Though fear of the rose is unfounded, starting with a Knockout Rose is a great way to gain confidence in successful rose gardening, or gardening in general, for that matter. The Knockout Roses have been bred to resist most diseases, grow and bloom with less watering and reward the gardener with less maintenance than most shrub roses. There’s a reason that Knock Outs became the best-selling series of roses in the United States in just over a dozen years.

History of Knockout Roses

Knockout Roses are the result of the lifetime efforts of Wisconsin breeder William Radler, who bought his first rose at age 9 years old. Radler introduced the first of the Knock Outs, the original red, in 2000. The rose was recognized that year as an All America Rose Selection winner. His 2007 Rainbow Knock Out also was chosen for the prestigious award. Radler crosses roses with one another, selects the best rose from the bunch, then crosses them again. As a result, he has produced shrub roses that are winter hardy despite their tolerance for less water. They’re also more resistant to disease than most shrub roses and can self-clean, which means gardeners don’t have to deadhead, or remove spent flowers during the summer to encourage further blooming.

In addition, Radler has bred some stunning beauties, including the Double Knockout Roses, which offer all the benefits of the series, but have larger, fuller blooms. All Knock Out Roses bloom every 5 to 6 weeks from early spring until fall’s first frost, with no deadheading.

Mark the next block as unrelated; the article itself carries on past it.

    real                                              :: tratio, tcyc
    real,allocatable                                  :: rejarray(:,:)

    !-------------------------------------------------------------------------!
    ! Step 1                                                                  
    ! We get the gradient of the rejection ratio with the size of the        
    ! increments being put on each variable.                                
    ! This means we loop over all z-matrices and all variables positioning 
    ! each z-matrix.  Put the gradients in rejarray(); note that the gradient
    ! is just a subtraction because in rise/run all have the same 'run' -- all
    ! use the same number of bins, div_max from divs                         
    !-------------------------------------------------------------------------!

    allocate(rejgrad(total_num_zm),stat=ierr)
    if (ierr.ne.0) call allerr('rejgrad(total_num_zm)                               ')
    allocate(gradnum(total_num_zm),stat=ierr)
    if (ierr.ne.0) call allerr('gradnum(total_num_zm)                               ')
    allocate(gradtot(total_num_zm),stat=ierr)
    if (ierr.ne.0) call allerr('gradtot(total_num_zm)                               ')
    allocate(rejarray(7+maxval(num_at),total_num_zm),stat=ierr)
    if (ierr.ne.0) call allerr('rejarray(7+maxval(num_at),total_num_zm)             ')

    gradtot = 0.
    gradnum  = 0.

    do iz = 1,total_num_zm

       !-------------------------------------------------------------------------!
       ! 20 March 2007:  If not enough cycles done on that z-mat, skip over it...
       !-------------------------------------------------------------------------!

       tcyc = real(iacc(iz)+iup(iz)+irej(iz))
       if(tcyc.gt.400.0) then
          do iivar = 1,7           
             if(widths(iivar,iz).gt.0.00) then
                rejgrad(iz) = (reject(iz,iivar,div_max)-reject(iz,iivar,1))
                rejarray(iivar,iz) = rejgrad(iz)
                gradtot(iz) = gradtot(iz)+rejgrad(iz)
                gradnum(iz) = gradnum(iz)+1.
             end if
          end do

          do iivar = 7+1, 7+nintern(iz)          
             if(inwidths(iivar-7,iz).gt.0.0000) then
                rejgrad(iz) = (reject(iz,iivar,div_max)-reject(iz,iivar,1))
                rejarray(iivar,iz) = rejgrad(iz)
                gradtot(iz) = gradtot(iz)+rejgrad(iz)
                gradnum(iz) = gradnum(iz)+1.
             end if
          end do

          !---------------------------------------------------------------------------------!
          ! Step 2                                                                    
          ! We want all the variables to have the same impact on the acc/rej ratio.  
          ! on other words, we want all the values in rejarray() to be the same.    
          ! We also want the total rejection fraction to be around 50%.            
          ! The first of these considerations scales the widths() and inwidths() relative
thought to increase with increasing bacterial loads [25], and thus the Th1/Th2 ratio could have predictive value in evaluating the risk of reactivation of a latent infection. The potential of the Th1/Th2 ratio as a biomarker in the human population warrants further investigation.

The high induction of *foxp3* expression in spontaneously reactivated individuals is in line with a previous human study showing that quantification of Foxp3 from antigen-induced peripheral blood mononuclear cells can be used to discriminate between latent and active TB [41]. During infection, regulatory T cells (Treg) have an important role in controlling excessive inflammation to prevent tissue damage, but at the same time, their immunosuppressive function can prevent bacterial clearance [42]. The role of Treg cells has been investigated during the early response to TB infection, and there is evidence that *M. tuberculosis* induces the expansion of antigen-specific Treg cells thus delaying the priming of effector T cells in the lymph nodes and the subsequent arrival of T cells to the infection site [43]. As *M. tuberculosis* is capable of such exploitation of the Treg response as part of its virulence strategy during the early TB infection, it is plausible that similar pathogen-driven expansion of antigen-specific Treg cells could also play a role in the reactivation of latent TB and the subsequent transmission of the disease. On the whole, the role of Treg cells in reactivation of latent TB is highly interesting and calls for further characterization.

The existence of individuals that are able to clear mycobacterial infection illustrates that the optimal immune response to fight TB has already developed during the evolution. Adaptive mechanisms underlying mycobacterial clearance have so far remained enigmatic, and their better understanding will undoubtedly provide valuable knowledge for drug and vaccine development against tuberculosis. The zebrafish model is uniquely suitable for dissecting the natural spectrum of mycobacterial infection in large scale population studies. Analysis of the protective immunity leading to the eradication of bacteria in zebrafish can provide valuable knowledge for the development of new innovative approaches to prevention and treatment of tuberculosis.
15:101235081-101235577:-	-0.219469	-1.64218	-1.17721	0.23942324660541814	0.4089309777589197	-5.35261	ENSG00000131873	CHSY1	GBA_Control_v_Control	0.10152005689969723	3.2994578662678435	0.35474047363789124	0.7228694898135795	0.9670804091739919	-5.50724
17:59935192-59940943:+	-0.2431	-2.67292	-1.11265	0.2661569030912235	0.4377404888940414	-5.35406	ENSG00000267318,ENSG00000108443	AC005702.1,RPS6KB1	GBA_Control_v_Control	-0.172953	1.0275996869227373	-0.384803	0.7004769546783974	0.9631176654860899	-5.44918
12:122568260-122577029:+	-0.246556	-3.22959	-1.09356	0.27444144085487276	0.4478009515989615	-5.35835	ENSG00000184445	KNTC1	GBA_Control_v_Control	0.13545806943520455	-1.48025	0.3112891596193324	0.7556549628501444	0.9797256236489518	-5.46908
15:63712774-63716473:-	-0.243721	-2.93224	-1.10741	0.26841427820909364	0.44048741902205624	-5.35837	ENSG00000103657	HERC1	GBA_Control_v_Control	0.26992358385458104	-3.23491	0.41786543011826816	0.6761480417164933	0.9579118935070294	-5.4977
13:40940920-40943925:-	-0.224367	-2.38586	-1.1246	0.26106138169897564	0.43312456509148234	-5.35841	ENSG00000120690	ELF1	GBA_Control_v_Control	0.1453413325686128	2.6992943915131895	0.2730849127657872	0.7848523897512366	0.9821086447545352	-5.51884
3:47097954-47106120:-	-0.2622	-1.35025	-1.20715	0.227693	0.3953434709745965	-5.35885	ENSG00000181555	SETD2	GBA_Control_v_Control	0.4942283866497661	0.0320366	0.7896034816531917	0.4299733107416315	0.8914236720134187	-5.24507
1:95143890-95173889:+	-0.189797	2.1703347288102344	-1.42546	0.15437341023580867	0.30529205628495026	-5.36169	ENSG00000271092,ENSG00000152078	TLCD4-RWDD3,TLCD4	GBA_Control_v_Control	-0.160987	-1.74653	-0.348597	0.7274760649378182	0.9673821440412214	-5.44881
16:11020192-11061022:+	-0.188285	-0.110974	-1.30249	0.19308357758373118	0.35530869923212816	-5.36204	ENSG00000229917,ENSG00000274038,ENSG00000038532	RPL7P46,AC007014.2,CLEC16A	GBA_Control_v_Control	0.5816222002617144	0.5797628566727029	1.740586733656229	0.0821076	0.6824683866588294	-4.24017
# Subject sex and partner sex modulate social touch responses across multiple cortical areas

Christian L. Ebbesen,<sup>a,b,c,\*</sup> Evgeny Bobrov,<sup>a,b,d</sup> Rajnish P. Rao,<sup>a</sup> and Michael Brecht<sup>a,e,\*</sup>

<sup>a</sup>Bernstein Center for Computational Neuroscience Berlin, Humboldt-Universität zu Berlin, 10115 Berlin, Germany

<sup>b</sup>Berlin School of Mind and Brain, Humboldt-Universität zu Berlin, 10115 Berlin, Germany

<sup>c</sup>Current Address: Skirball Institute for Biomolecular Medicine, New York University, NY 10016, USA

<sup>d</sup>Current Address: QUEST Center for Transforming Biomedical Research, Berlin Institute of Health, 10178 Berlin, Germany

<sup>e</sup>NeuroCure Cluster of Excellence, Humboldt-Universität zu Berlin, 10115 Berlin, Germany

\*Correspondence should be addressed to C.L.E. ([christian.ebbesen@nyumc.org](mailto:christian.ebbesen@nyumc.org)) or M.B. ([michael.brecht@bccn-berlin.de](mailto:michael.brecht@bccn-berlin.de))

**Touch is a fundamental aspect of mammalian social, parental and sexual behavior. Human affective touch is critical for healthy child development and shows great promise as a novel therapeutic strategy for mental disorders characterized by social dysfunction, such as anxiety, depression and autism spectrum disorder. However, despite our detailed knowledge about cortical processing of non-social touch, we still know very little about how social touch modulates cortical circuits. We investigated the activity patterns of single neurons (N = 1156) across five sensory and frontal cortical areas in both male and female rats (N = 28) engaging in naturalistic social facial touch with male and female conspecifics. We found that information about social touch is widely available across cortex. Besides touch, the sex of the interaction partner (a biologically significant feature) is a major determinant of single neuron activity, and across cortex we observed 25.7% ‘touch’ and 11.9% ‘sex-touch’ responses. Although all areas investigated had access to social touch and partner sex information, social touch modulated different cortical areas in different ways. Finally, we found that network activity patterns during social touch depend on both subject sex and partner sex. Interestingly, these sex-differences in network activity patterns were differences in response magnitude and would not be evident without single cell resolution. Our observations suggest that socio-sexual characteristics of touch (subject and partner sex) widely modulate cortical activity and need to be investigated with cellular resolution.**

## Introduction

Caring for Knockout Roses

Once you’ve planted your Knock Out Rose in a sunny spot and given it enough water to help the roots get established, sit back and enjoy the blooms. You can encourage better blooming with a dose of rose fertilizer after each blooming period from spring through summer. Just follow the fertilizer package directions. Other than that, you only need to prune Knock Out roses for shape every year in late winter or early spring just before the leaves begin to form if you want to control their size or shape. Look for dead, damaged and diseased canes.

As the shrub matures, you can cut older canes back by up to a third of their length to help keep the bush healthy. And prune a little heavier if you’ve planted several Knock Out Roses together to form a hedge. Your Knock Out Roses should be able to take heavy pruning, and there is no need to be a rose-pruning expert.

Although Knock Out Roses are bred to resist diseases, their leaves can turn slightly yellow or spot some when the weather is particularly hot, humid and wet. The good news is that the problem will pass as soon as the weather improves, so gardeners should not worry or feel they need to apply a fungicide. Keeping the rose pruned just enough so that air can circulate inside and around the shrub can help prevent the problem when muggy weather hits.